Pop-up / zoom-in areas stay open after you've finished with them, and you'll have to back out... and you can go back to that zoom-in at any time, if you wish (makes you think that you must've missed something, though... )
Dealing with pop-ups (or zoom-ins, if you prefer) is a bit cumbersome, as well. Clicking on the background will not close the pop-ups -- you have to manually back out with the directional arrow.
Now here's something different about the game: We have a blue crystal (part of the story,) which we use as our hint button. Every now and then the crystal will turn purple. When it changes color, we can affect time itself, returning to the past. You can stay in the past for as long as you wish, but you will not be able to leave the location until you come back into present time.
Sometimes the devs have us skipping small actions that would have things make more sense. For instance,
when we use metal wire clippers on live wires without gloves on
or when we
do the old "there's a key in the other side of the keyhole" trick where we put something like some paper or a rug under the door, then poke the key through so that it will fall on that item... except that just putting something under the door works -- no need to poke it through
By the way, said key automatically enters the lock -- no need to turn the key.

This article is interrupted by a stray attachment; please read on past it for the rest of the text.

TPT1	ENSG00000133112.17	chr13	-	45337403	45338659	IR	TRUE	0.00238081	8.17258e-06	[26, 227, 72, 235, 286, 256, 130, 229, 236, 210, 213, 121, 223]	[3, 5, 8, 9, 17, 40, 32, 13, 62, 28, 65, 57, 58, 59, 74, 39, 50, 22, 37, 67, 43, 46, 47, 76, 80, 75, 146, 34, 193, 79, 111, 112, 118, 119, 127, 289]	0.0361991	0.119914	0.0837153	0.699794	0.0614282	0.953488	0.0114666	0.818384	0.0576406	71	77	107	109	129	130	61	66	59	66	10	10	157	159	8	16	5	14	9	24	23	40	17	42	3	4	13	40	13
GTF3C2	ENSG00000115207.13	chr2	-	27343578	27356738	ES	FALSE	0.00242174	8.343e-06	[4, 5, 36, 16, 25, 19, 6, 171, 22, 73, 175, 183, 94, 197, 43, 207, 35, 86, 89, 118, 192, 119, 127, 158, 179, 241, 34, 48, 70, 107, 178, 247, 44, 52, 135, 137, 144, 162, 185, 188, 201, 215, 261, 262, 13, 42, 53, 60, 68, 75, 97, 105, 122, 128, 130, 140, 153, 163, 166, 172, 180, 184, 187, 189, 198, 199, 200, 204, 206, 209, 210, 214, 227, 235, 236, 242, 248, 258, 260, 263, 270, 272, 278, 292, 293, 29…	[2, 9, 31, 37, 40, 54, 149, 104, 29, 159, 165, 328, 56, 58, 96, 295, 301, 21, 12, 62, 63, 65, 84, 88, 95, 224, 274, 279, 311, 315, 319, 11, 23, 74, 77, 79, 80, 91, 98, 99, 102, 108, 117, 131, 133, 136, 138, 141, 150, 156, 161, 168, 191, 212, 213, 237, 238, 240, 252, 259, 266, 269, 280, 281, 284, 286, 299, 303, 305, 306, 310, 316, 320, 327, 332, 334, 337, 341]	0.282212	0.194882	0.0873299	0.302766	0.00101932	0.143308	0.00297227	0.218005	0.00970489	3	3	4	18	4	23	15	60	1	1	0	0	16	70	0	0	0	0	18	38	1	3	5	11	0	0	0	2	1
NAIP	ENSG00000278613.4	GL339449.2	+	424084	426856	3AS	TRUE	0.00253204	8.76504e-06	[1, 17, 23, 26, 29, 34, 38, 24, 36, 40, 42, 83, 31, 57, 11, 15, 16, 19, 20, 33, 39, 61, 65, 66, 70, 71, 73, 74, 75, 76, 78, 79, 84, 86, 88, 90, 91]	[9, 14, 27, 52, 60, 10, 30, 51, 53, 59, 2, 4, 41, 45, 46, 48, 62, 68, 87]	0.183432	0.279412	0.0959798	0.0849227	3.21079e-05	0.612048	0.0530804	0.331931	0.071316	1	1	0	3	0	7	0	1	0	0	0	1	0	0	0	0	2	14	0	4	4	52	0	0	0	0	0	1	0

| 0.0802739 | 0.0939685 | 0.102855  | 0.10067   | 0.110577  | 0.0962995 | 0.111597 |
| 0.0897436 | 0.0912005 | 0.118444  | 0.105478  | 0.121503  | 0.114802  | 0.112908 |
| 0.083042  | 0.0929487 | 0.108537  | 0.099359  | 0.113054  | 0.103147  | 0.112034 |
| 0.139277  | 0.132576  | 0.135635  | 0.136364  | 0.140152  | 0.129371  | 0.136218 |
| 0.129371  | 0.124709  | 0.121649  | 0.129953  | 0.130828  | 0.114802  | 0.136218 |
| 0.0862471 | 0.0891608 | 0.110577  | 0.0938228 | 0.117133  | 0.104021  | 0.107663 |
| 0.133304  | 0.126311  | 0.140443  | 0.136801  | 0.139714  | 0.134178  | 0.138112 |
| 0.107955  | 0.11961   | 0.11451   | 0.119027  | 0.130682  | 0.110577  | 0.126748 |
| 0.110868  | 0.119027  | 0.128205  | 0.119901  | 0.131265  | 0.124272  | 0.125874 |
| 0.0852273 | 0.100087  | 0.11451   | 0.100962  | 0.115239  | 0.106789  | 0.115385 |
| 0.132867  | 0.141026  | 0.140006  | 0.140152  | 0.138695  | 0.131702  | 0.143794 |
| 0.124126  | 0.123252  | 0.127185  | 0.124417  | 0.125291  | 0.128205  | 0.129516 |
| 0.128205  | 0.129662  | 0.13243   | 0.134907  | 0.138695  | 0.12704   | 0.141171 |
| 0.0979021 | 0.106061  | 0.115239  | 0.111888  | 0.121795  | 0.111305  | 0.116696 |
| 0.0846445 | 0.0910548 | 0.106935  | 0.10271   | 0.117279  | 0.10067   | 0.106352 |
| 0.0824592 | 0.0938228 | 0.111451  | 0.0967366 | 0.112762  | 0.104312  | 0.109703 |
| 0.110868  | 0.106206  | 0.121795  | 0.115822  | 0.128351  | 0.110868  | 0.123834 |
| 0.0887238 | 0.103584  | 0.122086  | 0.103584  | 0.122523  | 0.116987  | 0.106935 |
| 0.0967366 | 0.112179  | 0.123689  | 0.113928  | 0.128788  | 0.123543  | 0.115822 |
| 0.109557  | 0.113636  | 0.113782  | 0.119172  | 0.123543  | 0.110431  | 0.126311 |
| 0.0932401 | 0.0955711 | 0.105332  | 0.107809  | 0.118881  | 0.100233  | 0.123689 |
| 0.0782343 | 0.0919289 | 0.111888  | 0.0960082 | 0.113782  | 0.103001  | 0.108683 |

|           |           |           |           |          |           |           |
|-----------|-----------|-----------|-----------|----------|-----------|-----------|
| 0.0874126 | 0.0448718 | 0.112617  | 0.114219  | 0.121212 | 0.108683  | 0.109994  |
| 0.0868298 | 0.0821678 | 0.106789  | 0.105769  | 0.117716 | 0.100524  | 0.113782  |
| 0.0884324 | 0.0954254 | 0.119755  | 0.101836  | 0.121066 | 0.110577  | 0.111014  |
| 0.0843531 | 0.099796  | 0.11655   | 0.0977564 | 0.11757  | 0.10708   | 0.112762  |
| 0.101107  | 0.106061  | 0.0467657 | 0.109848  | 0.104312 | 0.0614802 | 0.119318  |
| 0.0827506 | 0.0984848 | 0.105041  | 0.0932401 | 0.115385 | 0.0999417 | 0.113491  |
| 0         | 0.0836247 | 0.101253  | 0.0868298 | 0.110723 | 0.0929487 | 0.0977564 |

Along the same vein, when we need to use an item multiple times on a scene, we have to take it out of our inventory each time, instead of it staying in our hands (so to speak) until we're finished with it.
There is a strong adventure element to the game, with a lot of exploring and finding items in the scenes (not just in HOS.) That's something I really like.
Things to watch for (almost like collectibles) during the adventure portion:
- Piano keys
- Pieces of paper
We have a lot of freedom of movement, making things a little less structured and linear, but not so much that we're saying to ourselves...
In other words, still intuitive enough that it's not overwhelming or confusing. Still, there isn't a lot of interaction via black-bar tips, so I can see how the game might be more difficult for those who haven't played a lot of these games.
The music is tone-setting, nice but not irritating, and there are no voice overs.
The graphics are very nice -- as the description says, more than 80 hand-painted scenes -- but except for the HOS, all of the graphics are static. No movement of fog, no changes in lighting, no wisps of making the leaves flutter... Things we're so very used to seeing in our games nowadays that it seems odd to be without them.
We start out with heavy adventure, then it's HO, HO, HO, I don't mean the Santa Claus kind.
Suddenly we're running around revisiting scenes all over the place, just to see if a HO scene has popped up! This happens at least twice, completely unbalancing the gameplay.
It's a shame that the devs couldn't have done a more broad beta... or maybe just with more thorough testers
There are so many things they devs could have done to make the game more user-friendly and polished. Besides my gripes above, I think the time-change element was vastly underused. I would have rather had fewer locations with more time warps, personally. As it is, you can only do the time change in two rooms.
Despite the clunky interface, I think that the gameplay is generally interesting... Except that the story is really generic and not gripping at all. To top it all off, the ending of the game was very
abrupt. Combine all the elements of this game -- the good and the bad -- and what you have is an OK game that could
have been really good. In the end I'd rate Crystals of Time